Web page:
It also plays into a problematic pattern of Biden undermining his own administration's official positions with careless language, requiring repeated clean-ups. Think of what we witnessed over the course of three days last week (Thursday through Saturday) alone. The president crankily contradicted oft-repeated White House talking points about the intended deterrent effect of sanctions against Putin, making his vice president, secretary of state, and other top officials – his whole operation, really – look silly in the process:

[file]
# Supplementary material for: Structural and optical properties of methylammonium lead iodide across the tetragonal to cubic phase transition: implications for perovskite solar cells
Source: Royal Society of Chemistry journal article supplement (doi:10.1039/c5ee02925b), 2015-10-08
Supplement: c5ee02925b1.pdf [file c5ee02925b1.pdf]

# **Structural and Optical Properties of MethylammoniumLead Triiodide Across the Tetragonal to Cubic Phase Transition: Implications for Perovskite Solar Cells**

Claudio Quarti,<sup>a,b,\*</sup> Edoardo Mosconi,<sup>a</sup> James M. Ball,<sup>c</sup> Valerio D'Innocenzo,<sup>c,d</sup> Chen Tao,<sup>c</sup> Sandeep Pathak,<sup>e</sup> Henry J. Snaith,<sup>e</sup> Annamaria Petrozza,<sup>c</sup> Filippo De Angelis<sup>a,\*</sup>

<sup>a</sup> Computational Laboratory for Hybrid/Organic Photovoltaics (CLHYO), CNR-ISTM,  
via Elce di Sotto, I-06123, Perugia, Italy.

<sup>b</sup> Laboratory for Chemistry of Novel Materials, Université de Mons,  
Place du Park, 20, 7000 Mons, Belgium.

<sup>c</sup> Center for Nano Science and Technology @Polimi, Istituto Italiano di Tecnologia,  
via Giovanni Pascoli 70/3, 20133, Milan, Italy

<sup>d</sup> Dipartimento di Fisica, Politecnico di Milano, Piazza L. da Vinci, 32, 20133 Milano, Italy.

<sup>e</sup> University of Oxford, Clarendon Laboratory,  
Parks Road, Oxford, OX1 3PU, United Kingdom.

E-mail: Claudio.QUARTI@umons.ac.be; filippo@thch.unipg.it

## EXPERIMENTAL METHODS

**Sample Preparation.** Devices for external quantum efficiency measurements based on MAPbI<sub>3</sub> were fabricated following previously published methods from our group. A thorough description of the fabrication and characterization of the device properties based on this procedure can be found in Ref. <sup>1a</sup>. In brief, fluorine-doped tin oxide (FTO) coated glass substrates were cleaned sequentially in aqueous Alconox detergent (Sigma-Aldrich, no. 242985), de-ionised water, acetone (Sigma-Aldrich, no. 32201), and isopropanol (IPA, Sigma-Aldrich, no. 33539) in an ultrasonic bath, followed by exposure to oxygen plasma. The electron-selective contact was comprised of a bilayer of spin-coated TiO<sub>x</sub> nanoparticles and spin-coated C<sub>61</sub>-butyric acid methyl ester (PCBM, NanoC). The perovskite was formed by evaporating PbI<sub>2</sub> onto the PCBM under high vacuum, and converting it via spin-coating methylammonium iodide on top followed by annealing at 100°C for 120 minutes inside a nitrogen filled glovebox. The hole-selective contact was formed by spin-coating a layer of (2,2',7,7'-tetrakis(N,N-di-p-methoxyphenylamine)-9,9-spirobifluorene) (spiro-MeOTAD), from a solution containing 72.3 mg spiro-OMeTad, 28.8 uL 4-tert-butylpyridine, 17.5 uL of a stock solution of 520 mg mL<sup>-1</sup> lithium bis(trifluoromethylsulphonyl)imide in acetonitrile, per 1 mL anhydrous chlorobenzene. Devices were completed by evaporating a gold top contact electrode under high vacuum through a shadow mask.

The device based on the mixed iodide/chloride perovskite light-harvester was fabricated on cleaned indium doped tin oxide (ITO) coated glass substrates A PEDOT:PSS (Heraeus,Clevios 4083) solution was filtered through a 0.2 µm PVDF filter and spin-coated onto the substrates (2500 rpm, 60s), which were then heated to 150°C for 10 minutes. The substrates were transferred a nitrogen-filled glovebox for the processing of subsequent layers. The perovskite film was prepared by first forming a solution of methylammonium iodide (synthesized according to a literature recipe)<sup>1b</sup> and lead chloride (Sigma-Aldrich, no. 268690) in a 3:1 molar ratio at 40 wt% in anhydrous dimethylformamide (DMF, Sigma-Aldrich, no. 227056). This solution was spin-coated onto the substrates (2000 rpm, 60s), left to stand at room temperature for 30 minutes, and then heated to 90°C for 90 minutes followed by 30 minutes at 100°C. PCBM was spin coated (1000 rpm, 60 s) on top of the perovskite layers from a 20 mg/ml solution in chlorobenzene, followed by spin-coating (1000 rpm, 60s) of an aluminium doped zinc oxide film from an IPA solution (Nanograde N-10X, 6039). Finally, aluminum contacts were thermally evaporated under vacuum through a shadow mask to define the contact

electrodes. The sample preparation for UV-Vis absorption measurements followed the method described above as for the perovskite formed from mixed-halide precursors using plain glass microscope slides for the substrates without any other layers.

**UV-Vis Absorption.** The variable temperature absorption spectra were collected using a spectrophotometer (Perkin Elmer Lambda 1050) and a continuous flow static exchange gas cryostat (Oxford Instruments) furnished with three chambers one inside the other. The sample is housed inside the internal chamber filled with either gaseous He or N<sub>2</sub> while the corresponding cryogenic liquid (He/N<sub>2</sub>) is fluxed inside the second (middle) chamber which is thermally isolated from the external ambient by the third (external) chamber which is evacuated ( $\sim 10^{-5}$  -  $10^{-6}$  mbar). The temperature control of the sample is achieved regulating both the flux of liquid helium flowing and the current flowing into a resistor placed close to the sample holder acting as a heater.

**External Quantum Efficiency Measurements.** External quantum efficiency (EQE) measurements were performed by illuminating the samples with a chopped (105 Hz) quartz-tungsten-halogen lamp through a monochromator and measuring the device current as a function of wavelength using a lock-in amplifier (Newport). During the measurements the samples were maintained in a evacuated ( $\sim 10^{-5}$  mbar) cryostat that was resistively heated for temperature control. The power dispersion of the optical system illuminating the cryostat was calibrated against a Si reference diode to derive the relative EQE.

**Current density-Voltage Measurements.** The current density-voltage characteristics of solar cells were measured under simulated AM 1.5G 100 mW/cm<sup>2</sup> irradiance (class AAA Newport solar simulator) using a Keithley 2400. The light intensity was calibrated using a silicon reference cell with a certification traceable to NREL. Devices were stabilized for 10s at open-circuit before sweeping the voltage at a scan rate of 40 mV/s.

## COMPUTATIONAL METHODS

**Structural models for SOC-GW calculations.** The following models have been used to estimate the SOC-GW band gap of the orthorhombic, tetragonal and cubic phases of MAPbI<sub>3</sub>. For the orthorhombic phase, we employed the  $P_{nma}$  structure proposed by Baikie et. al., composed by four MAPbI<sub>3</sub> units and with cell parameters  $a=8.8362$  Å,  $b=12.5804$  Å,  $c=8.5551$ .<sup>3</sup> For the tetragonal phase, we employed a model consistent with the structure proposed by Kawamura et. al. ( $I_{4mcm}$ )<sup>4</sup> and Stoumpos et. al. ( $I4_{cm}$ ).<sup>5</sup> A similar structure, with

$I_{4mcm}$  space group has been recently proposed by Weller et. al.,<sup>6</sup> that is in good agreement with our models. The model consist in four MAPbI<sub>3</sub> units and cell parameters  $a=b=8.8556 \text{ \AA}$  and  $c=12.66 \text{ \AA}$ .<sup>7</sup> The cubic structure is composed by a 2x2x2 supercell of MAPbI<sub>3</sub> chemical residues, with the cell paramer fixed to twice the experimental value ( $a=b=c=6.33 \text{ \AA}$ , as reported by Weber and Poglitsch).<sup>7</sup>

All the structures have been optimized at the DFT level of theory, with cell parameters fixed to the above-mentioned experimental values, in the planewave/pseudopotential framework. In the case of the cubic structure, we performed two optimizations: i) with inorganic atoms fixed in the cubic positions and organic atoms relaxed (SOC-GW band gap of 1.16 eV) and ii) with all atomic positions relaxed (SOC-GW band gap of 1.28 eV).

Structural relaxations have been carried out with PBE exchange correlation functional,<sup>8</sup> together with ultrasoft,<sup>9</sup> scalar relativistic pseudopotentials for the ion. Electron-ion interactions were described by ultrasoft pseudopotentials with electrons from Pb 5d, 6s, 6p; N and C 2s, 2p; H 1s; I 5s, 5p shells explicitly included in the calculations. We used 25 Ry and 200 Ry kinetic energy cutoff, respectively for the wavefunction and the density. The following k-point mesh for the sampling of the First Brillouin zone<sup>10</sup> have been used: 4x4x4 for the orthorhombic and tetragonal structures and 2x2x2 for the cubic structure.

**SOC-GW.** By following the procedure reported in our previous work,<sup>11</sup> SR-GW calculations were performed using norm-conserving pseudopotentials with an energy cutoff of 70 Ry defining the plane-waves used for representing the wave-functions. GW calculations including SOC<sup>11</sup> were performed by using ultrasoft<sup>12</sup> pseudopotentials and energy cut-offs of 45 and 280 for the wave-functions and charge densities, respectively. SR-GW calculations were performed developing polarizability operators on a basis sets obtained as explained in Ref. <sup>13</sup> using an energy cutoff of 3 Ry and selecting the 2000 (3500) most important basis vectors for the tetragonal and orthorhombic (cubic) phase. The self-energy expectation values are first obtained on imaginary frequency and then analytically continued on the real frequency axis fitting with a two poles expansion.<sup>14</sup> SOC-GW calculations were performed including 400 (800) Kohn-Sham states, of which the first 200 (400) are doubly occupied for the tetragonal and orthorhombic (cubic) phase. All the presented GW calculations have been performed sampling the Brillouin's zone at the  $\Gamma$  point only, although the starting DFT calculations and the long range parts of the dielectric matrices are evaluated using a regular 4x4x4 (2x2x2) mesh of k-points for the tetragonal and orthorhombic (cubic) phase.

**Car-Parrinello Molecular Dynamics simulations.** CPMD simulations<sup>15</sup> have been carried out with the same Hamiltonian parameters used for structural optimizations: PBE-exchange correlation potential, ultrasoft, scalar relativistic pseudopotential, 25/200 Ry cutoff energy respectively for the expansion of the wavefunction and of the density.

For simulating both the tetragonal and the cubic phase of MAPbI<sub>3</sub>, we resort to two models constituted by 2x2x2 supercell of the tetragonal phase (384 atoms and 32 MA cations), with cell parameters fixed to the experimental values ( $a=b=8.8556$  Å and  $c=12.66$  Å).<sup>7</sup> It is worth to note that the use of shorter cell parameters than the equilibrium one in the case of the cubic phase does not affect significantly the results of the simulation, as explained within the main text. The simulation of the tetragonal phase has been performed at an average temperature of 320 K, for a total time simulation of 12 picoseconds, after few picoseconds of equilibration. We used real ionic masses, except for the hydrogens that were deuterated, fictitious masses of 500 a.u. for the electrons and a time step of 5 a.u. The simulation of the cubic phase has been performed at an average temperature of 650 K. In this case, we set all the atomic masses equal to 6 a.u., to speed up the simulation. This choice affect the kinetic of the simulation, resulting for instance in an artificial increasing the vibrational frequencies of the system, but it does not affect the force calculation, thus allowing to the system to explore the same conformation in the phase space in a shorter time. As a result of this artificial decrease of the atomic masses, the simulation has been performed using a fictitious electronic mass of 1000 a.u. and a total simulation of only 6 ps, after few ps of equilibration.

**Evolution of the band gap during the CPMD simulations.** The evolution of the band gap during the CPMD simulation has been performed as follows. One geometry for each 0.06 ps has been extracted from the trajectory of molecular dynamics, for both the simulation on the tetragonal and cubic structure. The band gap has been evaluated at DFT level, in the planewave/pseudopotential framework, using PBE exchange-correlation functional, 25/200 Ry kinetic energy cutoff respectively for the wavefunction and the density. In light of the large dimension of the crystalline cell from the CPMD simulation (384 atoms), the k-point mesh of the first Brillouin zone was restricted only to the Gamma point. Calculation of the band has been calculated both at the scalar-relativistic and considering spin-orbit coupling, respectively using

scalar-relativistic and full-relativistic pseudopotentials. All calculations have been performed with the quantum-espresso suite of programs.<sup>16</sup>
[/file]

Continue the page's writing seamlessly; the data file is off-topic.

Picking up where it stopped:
"Sir, deterrence didn’t work. What makes you think Vladimir Putin will alter course based on the action you’ve taken today," Biden was asked by CBS reporter Christina Ruffini during a press conference at a NATO summit in Brussels, Belgium. "Let’s get something straight. You remember if you covered me from the very beginning, I did not say that, in fact, the sanctions would deter him. Sanctions never deter. You keep talking about that. Sanctions never deter," Biden responded...Biden's remarks come after weeks of messaging from key Biden administration officials – including Vice President Kamala Harris and Secretary of State Antony Blinken – who claimed the sanctions placed on Russia were meant to deter the actions of Putin. Asked in February whether she believed sanctions would deter Putin, Harris said at the time, "Absolut- — we strongly believe — and remember also that the sanctions are a product not only of our perspective as the United States but a shared perspective among our Allies.  And the Allied relationship is such that we have agreed that the deterrence effect of these sanctions is still a meaningful one, especially because – remember, also – we still sincerely hope that there is a diplomatic path out of this moment." ...